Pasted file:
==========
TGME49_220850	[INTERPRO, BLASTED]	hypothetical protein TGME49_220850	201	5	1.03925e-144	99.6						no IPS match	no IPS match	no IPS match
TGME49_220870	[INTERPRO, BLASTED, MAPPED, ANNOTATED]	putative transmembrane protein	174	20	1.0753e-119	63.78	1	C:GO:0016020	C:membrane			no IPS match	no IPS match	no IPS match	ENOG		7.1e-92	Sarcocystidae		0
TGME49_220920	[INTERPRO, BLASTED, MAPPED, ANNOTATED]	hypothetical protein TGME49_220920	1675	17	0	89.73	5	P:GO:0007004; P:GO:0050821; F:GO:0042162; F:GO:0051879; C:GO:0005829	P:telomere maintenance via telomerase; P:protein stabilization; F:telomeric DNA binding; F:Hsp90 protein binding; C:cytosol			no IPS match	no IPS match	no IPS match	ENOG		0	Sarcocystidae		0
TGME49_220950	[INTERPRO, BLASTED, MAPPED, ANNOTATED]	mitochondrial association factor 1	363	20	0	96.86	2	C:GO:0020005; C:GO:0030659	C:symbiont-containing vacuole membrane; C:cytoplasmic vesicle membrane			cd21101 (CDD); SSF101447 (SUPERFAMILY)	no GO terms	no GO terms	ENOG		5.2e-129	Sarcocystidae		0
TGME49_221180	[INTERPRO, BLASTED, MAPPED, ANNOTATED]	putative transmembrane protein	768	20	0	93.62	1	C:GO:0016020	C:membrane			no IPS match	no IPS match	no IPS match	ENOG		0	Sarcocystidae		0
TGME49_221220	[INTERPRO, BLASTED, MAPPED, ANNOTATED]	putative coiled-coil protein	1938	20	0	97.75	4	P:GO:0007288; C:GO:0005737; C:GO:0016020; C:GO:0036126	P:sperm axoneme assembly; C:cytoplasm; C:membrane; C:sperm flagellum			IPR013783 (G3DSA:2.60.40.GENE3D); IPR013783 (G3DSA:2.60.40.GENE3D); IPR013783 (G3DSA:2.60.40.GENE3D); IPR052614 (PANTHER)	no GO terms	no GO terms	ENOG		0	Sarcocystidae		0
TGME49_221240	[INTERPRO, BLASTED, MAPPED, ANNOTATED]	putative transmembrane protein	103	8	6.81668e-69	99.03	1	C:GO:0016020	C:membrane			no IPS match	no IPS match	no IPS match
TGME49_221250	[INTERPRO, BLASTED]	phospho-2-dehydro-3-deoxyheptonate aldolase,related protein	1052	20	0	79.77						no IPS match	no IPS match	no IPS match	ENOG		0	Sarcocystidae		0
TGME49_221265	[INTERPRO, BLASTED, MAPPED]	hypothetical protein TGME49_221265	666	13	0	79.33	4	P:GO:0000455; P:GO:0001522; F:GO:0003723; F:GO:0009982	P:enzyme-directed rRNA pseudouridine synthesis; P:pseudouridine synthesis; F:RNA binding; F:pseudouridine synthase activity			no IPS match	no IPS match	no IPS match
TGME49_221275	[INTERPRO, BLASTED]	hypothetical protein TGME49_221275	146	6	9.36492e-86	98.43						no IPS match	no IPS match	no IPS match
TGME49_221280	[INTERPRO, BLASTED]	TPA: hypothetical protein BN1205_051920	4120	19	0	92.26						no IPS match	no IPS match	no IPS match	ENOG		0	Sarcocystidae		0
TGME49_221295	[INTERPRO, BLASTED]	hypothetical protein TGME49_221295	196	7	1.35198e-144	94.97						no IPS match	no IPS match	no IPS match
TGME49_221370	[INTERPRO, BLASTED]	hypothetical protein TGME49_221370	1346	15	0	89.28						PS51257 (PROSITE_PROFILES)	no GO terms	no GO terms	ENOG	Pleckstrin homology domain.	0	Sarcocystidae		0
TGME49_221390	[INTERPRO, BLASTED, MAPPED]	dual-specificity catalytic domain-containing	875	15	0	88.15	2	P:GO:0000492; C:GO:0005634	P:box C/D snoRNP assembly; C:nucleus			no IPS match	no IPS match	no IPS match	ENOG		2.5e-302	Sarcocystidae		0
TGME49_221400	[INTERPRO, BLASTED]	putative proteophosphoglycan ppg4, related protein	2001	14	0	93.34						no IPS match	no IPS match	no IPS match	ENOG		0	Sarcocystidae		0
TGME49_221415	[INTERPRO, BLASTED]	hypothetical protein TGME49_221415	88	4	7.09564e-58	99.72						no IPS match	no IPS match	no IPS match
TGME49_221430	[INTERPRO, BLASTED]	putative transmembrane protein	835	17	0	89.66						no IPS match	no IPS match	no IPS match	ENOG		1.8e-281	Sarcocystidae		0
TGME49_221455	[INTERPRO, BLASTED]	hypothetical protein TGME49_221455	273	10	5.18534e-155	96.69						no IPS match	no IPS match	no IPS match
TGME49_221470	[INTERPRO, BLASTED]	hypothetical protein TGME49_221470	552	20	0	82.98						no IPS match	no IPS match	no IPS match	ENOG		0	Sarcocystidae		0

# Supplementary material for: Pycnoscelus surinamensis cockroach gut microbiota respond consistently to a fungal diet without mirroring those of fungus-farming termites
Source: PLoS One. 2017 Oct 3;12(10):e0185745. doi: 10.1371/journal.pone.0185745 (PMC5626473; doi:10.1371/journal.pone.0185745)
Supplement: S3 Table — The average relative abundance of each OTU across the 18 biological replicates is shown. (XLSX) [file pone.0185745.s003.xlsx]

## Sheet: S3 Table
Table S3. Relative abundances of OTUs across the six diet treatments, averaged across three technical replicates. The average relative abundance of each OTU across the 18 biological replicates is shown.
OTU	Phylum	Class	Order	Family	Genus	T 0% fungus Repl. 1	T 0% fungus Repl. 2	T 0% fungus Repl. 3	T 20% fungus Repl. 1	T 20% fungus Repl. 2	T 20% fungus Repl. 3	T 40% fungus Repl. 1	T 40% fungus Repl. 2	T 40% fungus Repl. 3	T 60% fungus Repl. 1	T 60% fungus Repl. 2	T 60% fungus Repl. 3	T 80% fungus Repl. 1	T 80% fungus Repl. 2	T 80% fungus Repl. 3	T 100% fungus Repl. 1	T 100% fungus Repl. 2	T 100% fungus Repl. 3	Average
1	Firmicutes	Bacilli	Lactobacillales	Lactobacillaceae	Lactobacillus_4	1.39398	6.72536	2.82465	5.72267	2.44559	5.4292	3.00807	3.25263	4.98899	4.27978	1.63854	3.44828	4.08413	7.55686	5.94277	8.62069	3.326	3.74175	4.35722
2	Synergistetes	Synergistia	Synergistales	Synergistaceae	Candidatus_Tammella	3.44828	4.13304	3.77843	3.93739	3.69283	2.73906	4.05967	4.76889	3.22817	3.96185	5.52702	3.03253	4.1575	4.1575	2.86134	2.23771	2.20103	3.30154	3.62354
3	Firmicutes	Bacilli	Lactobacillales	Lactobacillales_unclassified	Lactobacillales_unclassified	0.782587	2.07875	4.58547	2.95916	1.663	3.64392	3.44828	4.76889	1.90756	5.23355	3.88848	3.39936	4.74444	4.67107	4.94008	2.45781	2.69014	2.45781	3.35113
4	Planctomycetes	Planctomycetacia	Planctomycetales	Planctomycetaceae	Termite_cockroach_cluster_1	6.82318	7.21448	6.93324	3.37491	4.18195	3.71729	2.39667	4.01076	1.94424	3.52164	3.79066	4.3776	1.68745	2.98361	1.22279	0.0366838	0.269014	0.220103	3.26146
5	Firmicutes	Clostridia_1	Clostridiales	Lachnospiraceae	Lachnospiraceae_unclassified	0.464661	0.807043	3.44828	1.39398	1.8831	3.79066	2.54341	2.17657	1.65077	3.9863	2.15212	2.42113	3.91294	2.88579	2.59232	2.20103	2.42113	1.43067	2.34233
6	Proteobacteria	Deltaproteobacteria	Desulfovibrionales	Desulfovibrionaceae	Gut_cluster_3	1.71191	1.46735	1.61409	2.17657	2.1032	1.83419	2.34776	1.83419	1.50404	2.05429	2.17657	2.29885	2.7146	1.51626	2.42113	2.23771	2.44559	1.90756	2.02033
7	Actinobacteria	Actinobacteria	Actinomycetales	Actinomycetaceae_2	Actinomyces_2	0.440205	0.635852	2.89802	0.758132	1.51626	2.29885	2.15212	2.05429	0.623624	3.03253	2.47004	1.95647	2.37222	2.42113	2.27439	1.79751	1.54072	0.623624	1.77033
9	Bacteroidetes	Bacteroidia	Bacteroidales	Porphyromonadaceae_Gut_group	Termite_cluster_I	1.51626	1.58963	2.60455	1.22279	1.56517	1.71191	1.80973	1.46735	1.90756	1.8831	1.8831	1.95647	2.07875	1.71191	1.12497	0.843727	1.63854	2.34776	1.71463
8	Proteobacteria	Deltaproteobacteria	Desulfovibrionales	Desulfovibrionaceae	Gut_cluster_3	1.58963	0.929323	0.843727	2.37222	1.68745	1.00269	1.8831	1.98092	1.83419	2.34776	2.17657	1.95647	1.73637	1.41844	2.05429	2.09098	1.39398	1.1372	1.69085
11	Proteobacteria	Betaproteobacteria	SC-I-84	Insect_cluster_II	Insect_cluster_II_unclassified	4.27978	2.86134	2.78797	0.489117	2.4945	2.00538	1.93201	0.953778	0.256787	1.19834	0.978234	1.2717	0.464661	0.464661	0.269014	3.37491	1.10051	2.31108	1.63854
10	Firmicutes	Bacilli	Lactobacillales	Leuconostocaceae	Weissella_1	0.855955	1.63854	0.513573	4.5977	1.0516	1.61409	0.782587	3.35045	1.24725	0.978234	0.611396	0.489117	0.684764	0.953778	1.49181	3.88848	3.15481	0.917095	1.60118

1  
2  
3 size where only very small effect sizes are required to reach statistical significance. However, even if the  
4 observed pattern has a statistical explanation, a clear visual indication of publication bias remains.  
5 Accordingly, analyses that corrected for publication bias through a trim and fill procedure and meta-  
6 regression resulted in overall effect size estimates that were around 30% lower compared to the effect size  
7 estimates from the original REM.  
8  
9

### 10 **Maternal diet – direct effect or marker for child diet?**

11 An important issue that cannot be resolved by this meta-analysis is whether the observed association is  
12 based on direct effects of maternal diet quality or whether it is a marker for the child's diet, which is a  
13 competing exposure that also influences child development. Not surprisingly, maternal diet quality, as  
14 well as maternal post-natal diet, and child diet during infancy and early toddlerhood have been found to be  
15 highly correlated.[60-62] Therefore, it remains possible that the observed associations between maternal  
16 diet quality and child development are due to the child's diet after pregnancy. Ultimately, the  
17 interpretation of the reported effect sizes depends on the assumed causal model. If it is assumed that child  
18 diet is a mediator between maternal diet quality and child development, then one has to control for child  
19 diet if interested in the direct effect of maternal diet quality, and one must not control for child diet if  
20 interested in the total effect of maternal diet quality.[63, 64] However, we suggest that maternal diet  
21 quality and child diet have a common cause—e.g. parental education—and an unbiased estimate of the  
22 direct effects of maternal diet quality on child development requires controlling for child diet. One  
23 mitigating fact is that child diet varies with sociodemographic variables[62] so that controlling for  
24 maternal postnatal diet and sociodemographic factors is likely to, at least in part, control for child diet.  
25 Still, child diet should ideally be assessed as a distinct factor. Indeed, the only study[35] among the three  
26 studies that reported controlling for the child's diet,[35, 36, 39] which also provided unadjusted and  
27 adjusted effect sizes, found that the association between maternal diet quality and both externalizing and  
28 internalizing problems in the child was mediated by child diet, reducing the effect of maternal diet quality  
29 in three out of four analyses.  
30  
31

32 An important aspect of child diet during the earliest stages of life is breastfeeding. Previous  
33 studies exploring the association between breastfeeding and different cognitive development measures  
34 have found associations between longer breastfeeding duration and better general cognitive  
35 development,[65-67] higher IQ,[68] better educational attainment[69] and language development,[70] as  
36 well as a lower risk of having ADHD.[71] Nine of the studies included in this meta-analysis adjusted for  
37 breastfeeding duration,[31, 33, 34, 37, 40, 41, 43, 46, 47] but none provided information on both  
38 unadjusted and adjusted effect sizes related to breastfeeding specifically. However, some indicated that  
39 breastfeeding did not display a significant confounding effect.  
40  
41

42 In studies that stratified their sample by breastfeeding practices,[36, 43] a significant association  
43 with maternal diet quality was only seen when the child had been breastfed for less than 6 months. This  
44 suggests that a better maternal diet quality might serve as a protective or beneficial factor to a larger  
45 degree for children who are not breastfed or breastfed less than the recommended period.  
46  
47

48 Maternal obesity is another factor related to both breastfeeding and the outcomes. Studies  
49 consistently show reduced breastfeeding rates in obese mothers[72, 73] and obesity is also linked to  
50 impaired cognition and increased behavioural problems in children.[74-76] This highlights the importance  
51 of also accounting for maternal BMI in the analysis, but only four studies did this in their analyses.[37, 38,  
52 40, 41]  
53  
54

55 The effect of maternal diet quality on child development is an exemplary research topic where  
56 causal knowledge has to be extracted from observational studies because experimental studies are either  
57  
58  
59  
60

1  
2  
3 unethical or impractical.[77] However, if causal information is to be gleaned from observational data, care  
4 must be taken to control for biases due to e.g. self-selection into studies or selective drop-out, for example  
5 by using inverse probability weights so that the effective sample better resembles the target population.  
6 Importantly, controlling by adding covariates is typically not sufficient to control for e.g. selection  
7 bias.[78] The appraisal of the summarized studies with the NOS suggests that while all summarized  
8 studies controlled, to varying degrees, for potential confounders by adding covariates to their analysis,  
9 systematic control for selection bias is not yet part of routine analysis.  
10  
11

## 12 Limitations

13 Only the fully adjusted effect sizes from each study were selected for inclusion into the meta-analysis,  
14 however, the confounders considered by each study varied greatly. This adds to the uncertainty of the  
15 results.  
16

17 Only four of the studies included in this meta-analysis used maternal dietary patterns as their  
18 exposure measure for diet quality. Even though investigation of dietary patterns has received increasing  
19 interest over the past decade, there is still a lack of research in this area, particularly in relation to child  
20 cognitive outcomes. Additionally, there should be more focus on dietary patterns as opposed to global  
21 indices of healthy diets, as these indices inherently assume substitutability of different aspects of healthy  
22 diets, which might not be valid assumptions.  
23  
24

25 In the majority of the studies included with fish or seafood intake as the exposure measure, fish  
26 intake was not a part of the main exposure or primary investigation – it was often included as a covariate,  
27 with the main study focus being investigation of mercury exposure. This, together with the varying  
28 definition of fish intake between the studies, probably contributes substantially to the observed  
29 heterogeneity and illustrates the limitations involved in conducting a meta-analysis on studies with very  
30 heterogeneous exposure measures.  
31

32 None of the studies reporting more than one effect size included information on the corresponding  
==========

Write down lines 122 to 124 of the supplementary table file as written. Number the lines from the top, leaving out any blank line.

26 intake was not a part of the main exposure or primary investigation – it was often included as a covariate,  
27 with the main study focus being investigation of mercury exposure. This, together with the varying  
28 definition of fish intake between the studies, probably contributes substantially to the observed  